Acetyl-CoA has long been known for its importance as a metabolic intermediate for many pathways. For example, this intermediate can be used in anabolic pathways as in the case for fatty-acid synthesis in the cytosol of human cells, or could be a product of catabolic pathways like fatty-acid oxidation in the mitochondria. Most recently however, acetyl-CoA has been shown to be involved in other functions in the body, particularly with respect to the formation of lymphatic vessels and the process of lymphangiogenesis. In their recent publication in Nature, Wong et al. explain how lymphatic endothelial cells (LECs) use fatty-acid beta-oxidation (FAO) for differentiation and epigenetic regulation through histone acylation (Wong et al., 2016).
In order for FAO to occur, acetyl-CoA must first be transported from the vicinity of the cytosol across the mitochondrial membrane and into the mitochondrial matrix in the form of fatty-acyl CoA. This is done through the mechanism of the enzyme carnitine palmitoyl-transferase 1 (CPT1), which is the rate-limiting step for FAO. Wong et al. devoted their attention to this process in LECs, in which extracellular cues such as VEGF-C promote differentiation of these cells from venous endothelial cells (VECs). The importance of these cells lies in their contribution to normal physiology, as dysregulation can lead to many diseases that include cancer metastasis, organ transplant rejection, and lymphedema (Choi et al., 2012).
Wong et al. initiated their experiment by observing the expression levels of CPT1A in LECs vs. VECs, and found that these levels were higher in the former. This suggested that FAO was also higher in these cells, which led the authors to hypothesize that CPT1A may be directly required for lymphangiogenesis (Wong et al., 2016). This hypothesis was also supported when they performed CPT1A knockdown (CPT1AKD) in LECs, and observed reduced LEC proliferation and migration which led to lymphatic defects in vivo.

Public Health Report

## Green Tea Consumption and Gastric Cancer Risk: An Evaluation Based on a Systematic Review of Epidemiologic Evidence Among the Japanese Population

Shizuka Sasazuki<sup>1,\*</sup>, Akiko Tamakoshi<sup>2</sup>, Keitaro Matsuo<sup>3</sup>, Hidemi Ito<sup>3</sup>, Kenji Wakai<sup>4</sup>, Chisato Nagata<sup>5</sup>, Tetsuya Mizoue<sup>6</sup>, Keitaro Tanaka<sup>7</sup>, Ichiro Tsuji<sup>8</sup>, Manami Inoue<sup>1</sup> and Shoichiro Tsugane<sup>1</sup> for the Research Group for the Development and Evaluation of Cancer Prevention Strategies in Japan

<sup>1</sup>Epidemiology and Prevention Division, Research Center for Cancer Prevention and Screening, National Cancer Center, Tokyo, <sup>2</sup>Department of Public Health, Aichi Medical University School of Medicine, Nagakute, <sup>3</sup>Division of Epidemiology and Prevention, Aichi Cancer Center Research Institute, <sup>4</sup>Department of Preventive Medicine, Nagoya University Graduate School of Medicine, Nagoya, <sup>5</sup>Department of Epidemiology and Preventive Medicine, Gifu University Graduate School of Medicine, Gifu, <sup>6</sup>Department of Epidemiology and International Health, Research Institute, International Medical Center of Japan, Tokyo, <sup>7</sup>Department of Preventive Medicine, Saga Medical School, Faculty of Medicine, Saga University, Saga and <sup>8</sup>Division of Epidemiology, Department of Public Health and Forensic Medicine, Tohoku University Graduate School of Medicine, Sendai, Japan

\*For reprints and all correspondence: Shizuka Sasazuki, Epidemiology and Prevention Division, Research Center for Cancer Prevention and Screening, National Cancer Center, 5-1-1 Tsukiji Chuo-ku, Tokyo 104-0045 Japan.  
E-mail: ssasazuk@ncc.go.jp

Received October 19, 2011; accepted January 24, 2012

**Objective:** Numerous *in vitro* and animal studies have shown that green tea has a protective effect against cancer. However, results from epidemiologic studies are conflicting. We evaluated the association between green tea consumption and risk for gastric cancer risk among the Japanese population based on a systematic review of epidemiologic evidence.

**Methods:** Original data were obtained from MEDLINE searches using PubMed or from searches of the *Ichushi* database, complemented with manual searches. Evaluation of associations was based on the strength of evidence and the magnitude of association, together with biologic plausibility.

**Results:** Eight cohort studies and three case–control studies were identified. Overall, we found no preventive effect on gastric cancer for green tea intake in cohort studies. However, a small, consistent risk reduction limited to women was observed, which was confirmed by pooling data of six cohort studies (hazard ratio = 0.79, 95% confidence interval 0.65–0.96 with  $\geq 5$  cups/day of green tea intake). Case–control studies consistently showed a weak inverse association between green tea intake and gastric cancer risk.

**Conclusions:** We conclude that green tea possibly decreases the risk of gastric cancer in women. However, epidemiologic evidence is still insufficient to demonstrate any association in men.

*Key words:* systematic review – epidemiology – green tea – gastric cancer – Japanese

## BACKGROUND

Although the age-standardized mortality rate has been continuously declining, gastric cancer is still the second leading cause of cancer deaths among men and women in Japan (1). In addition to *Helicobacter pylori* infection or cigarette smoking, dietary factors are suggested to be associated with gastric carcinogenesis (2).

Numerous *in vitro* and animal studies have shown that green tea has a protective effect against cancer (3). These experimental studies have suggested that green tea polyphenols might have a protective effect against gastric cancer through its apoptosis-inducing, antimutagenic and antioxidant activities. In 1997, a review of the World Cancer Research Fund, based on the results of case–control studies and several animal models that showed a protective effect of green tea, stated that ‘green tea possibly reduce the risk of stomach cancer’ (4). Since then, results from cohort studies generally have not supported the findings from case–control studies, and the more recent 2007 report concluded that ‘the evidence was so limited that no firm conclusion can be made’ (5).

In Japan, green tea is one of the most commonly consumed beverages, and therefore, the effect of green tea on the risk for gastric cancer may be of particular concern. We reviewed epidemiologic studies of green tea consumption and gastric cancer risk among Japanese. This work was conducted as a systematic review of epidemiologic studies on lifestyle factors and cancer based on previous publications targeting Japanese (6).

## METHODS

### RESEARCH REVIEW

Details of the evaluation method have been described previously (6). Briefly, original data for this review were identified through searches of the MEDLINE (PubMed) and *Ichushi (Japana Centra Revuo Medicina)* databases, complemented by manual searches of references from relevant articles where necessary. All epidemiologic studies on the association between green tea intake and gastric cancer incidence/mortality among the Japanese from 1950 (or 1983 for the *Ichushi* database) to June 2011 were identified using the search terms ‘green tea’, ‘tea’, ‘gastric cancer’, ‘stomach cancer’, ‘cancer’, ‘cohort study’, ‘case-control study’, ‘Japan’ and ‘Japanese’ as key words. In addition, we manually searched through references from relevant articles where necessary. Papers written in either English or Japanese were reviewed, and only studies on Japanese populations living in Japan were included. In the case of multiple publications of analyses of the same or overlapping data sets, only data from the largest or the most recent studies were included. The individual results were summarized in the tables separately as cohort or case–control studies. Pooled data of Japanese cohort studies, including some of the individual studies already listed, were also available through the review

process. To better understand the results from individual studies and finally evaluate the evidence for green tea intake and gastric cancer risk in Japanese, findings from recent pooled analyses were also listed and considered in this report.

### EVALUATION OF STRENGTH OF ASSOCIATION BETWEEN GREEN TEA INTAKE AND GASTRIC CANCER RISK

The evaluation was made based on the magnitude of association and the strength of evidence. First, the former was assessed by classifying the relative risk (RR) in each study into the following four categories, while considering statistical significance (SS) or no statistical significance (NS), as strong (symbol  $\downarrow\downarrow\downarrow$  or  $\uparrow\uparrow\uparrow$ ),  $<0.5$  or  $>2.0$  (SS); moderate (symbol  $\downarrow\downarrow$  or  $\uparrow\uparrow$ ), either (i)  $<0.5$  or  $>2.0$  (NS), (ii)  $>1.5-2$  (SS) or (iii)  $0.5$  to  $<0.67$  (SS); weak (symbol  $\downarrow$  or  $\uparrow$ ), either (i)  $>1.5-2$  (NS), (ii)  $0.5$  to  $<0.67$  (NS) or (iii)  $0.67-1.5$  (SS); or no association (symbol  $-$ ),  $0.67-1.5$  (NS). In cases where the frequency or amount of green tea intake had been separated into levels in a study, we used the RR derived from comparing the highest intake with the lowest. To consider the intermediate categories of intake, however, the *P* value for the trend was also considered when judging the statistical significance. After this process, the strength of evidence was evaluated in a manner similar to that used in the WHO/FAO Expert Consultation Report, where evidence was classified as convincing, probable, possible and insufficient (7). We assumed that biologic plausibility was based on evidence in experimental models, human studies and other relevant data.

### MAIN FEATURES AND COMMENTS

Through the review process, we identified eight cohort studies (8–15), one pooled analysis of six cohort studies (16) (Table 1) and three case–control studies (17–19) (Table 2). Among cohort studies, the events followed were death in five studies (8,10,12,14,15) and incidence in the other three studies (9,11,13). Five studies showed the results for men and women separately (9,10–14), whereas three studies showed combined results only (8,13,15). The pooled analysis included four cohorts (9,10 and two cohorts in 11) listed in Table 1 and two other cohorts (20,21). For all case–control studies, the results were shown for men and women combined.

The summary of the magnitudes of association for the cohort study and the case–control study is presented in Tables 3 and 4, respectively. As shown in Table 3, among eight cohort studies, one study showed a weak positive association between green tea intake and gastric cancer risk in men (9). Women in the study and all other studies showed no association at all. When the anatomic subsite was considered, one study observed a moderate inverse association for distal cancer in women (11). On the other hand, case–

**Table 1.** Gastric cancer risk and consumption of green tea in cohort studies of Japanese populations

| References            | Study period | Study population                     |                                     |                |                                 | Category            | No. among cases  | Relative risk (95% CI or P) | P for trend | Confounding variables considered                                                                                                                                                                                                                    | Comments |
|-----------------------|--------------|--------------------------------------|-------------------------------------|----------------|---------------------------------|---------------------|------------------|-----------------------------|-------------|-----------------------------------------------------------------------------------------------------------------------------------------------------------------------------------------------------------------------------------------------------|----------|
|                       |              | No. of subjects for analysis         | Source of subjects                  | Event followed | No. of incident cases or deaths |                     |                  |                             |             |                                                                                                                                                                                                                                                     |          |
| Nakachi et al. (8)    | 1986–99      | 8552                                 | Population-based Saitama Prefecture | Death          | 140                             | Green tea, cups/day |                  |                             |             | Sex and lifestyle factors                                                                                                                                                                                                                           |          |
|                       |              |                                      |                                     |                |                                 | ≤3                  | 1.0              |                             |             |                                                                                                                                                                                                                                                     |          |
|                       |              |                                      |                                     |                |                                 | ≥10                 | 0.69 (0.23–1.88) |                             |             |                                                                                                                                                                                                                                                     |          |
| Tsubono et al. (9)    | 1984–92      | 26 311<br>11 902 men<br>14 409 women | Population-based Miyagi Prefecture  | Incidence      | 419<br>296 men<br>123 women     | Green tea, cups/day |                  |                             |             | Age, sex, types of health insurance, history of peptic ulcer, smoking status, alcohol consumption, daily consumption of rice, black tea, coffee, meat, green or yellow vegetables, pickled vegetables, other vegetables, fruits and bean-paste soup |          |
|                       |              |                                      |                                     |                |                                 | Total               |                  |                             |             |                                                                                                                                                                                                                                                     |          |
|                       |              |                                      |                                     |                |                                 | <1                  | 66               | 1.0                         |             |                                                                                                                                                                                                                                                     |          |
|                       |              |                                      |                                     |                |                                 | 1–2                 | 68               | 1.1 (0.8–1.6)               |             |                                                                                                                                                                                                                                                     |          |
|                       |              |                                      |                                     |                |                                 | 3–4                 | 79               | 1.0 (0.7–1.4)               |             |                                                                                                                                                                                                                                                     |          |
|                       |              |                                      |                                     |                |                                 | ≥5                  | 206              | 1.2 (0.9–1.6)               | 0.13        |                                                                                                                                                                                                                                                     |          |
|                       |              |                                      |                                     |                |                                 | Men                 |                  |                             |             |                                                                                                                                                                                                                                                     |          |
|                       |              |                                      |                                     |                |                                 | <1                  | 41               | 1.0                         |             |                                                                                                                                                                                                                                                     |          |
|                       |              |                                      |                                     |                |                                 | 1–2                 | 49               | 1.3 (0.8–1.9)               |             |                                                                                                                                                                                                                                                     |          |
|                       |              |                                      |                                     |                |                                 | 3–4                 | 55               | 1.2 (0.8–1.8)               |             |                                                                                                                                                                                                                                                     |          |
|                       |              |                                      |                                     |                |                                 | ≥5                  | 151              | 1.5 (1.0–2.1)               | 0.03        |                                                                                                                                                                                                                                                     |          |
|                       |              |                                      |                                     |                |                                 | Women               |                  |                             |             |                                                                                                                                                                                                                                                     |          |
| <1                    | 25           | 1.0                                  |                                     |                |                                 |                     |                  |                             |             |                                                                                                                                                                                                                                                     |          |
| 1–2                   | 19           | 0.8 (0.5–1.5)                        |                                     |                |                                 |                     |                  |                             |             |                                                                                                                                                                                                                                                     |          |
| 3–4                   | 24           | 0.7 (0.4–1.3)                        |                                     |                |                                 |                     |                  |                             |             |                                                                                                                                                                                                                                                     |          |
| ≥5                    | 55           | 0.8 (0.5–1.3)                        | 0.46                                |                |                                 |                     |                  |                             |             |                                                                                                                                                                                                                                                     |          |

Beta-oxidation of fatty acids leads to the production of ATP; however, the authors noticed that CPT1AKD did not cause energy distress. Instead, fatty acids provided acetyl-CoA, which helped to sustain the Krebs cycle and deoxyribonucleotide (dNTP) synthesis for proliferation of LECs. As a result, the authors explored the possibility that acetyl-CoA generated by FAO in LECs might be involved in epigenetic modification of lymphangiogenic gene expression. They focused particularly on VEGFR3 transcription regulated by histone acetyltransferase (HAT) p300 through PROX1. Through their experiments, the authors observed that PROX1 does indeed bind p300 histone acetyltransferase to enhance H3K9 acetylation of LEC genes, which ultimately enables LEC differentiation. Furthermore, they observed that CPT1AKD reduced H3K9ac levels in pLECs to the levels seen in VECs, which supports that histone acylation is directly involved in the successful differentiation of LECs (Wong et al., 2016).
Finally, the authors also display a translational potential for their findings. They found that pharmacological blockade of CPT1 inhibits injury-induced lymphangiogenesis, and that replenishment with acetone actually rescues the defects due to FAO inhibition (Wong et al., 2016). As a result, these findings become of tremendous high impact considering the wide array of potential applications they can lead to, especially with respect to curing dangerous diseases and promoting lymphangiogenesis in pathological conditions such as lymphedema.
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